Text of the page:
Monday, January 31, 2022

Your Life may be Determined by Luck

Anyone who writes on human genetics gets accused of eugenics, as it is hard to avoid the fact that some genes are associated with favorable outcomes. Kathryn Paige Harden wrote a book last year on the subject, and tried to insulate herself from criticism by filling it with arguments about working towards greater equity.

Evolutionist Jerry Coyne reviewed it, but now regrets that he skipped his view that determinism negates much of what she says.

He prefers the term "naturalism" to mean that we have no free will, with all our choices being determined by genetics, physics, and other external causes. Once he accepted naturalism, there is no point in debating choices, as it is all determined like clockwork.

Here is what he meant to write:

Harden’s motivation for using genetic differences to engineer equality comes from the fact that those differences are a matter of luck: the vagaries of how genes sort themselves out during egg and sperm formation. It’s unfair, she says, to base social justice on randomly distributed genes: “People are in fact more likely to support [wealth] redistribution when they see inequalities as stemming from lucky factors over which people have no control than when they see inequalities as stemming from choice.” [p. 206]

But is there really “choice”? Like many scientists and philosophers, I’m a determinist who rejects the idea of free will—at least the kind that maintains that there is something more to behavior than the inescapable consequences of your genetic and environmental history as well the possible indeterminate (quantum) laws of nature. In this pervasive view, at any one moment you could have chosen to do something other than what you did.

But there’s no evidence for this kind of free will, which would defy the laws of physics by enabling us to mystically control the workings of our neurons.  No inequalities stem from “free choice” and so everyone’s life results from factors over which they have no control, be they genetic or environmental.

Harden actually admits this dilemma: “If you think the universe is deterministic, and the existence of free will is incompatible with a deterministic outcome, and free will is an illusion, then genetics doesn’t have anything to add to the conversation. Genetics is just a tiny corner of the universe where we have worked out a little bit of the larger deterministic chain.”  [p. 200] And with that statement she pushes her whole program into that tiny corner.

But then Harden adds something like “I’m not going to get into the issue of free will.” By doing that, she punts on the most important issue of her book. ...

If you think that your genes, which partly determine your success in life, are the result of “luck” (I guess Harden means by “luck” those factors over which we have no conscious control), then so is everything else that determines your success in life.

It is hard to see how he could really believe this, as he often talks about making preferences and choices, such as in his review where he says:
I agree with Harden wholeheartedly here: We need as much information as possible, genetic or otherwise, if we’re to make truly informed choices.
I am not questioning his sincerity. He believes that he has no free will, so he is just doing what the voices in his head tell him to do, or however he rationalizes it. If the voices tell him to say he is making choices for the good of humanity, then that is what he will say, regardless of how it contradicts his other stated beliefs.

He does point out a fundamental problem with Leftism and naturalism, as he calls it. If you believe in naturalism, then there are fundamental inequities, and nobody can do anything about them.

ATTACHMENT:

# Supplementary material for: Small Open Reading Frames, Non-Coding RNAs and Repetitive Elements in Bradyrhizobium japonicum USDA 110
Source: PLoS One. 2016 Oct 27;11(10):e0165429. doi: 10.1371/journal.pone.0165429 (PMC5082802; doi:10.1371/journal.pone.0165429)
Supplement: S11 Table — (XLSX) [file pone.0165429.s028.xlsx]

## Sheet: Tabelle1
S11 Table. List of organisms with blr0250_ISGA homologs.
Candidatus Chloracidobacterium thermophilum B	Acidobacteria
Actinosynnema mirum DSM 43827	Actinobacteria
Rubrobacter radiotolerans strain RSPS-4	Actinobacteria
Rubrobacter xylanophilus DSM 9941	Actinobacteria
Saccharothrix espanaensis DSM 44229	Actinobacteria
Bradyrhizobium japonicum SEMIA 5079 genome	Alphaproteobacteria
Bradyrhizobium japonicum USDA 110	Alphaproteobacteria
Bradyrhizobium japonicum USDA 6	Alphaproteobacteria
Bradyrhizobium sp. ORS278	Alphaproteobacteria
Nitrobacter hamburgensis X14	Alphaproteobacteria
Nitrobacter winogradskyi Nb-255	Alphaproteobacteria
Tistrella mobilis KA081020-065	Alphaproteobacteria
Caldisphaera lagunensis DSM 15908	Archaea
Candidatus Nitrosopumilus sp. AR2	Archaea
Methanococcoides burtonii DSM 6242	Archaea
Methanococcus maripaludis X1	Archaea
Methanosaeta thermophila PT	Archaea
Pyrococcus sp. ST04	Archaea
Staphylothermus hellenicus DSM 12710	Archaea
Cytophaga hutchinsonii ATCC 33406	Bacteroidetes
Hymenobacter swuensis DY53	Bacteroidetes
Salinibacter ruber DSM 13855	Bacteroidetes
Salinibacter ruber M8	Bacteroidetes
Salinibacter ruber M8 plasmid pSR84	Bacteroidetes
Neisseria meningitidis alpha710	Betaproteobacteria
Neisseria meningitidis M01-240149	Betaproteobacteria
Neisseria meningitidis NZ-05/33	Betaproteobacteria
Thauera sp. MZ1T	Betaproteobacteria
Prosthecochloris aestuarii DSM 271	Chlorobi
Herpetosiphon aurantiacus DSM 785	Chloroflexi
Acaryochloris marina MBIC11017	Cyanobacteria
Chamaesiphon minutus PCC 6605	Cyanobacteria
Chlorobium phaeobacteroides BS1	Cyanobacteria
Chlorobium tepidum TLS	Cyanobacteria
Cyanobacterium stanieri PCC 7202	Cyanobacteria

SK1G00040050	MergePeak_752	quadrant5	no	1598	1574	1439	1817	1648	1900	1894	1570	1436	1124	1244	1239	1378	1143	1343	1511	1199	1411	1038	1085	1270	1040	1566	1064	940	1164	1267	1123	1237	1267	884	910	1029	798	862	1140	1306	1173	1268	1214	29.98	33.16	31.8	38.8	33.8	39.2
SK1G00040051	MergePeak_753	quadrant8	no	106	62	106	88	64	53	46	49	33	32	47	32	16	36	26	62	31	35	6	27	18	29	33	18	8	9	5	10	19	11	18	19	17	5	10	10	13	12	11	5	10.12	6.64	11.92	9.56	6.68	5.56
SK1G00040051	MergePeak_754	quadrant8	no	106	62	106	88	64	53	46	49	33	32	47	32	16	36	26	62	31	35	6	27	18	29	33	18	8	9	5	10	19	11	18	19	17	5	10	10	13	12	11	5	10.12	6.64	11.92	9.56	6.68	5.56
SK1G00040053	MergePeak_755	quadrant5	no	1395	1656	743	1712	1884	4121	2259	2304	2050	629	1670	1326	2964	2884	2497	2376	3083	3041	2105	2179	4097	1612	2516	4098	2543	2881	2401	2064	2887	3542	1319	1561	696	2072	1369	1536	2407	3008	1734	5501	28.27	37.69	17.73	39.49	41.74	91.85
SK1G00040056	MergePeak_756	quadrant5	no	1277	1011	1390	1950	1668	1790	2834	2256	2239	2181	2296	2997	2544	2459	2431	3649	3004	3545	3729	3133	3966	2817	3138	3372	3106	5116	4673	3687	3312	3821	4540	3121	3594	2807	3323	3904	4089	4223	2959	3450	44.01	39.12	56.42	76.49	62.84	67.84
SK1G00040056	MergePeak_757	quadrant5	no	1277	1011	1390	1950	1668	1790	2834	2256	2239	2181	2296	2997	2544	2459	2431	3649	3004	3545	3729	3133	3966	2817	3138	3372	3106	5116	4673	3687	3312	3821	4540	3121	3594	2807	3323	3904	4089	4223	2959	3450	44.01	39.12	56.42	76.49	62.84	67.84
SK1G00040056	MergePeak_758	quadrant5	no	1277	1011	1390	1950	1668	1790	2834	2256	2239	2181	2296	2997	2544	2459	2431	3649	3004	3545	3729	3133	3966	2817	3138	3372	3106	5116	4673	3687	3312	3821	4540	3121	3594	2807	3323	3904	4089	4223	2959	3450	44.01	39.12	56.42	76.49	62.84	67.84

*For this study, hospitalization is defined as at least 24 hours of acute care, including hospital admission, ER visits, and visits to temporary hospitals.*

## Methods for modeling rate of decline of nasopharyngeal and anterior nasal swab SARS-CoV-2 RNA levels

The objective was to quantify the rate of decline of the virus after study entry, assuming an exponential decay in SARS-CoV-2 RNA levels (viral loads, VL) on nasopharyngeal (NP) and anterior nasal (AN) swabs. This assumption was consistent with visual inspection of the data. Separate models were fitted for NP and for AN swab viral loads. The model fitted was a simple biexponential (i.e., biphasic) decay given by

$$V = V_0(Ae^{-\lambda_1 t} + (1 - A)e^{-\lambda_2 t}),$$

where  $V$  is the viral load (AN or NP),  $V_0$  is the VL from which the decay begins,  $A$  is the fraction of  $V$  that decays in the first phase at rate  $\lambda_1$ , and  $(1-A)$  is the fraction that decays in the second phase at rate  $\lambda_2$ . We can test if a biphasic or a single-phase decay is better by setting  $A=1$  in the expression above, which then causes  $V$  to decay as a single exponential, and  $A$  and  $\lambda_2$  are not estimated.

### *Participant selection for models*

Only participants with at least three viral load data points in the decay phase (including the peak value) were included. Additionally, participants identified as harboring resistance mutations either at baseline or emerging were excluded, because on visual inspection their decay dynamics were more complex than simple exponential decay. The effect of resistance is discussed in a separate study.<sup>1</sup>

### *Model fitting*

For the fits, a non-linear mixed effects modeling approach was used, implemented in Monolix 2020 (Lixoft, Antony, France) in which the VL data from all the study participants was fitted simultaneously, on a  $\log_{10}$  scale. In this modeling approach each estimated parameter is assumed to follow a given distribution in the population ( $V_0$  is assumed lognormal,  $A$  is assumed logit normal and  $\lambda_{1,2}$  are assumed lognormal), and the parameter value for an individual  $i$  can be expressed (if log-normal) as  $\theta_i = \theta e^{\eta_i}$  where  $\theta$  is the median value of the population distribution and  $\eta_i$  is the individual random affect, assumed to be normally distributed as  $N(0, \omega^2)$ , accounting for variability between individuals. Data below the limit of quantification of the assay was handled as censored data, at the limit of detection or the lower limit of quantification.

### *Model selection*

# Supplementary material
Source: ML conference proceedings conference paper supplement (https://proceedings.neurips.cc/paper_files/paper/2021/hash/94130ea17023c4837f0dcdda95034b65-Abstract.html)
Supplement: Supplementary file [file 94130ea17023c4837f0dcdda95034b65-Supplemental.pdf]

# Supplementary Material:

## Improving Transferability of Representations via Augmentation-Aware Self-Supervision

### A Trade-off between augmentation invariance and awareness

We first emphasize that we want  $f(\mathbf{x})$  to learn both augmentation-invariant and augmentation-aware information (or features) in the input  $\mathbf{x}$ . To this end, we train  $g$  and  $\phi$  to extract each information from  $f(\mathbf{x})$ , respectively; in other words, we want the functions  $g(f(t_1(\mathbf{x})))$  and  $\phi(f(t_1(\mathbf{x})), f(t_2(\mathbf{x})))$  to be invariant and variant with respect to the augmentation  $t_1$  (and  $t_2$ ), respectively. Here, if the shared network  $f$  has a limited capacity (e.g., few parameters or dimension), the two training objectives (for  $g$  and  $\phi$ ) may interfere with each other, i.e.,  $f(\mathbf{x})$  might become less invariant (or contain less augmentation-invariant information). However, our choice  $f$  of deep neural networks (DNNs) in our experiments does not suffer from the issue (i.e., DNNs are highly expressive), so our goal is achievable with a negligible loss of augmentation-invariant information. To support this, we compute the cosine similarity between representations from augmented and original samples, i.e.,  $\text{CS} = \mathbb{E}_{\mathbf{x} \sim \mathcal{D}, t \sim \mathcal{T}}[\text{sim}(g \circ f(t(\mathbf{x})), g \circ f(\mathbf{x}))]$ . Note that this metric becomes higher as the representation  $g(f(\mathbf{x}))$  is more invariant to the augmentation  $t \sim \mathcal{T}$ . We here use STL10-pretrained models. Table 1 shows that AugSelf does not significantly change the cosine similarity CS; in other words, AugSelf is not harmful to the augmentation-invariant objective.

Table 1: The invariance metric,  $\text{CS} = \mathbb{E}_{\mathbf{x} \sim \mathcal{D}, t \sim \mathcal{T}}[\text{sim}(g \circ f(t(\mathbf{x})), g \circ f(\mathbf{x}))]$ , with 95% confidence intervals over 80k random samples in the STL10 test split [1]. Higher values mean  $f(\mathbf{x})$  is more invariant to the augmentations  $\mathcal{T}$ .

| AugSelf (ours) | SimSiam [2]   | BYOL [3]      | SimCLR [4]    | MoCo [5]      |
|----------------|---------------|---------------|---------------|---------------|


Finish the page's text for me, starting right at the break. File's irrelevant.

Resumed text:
Leftists look at inequities, and try to blame them on systemic policies, luck, and bigotry. Just looking at the physics of this, there is no way to say what is luck and what is not. And Coyne's rejection of free will is peculiar, I would say, but he denies it to a commenter:

I don’t appreciate your characterizing this idea that you FEEL and act as though you have free will – even if you don’t – as “eccentric’.
Okay, but he attacks religious folks all the time for living as if certain theological beliefs are true, and yet he uses the language of free will even though he denies that any such thing is possible.

Pop psychology guru Jordan Peterson hates being asked whether he believes in God, and now says that he does, and by that he merely means that he acts as if God exists.

Likewise, someone believes in free will if he acts as if he can make his own choices over his life. With this definition, it appears to me that Coyne and almost everyone believes in free will. Maybe not some schizophrenics. Denying free will is a constrived intellectual argument that is only accepted by philosophical zombies.

If you are wealthy, maybe you were lucky enough to have talents inherited in your genes. Or you were lucky enough to live in a rich country and have opportunities. Or you worked hard and earned everything, but then you were still lucky to have genes for hard work and perserverance. Regardless, a poor man might complain that your wealth is undeserved because it was based on luck. And if he does not believe in free will, then he will certainly think that you did nothing to deserve your wealth because you are incapable of making any decisions over your life anyway.

This is all foolishness, as a true determinist would say that no one can make a policy decision to correct whatever perceived inequities there are. You just have to accept your fate.

The laws of physics do not preclude free will. It is probably also true that more things are determined than we realize.

Friday, January 28, 2022

SciAm Complains that Students are Skeptics

SciAm reports:
When Amanda Gardner, an educator with two decades of experience, helped to start a new charter elementary and middle school outside of Seattle last year, she did not anticipate teaching students who denied that the Holocaust happened, argued that COVID is a hoax and told their teacher that the 2020 presidential election was rigged. Yet some children insisted that these conspiracy fantasies were true.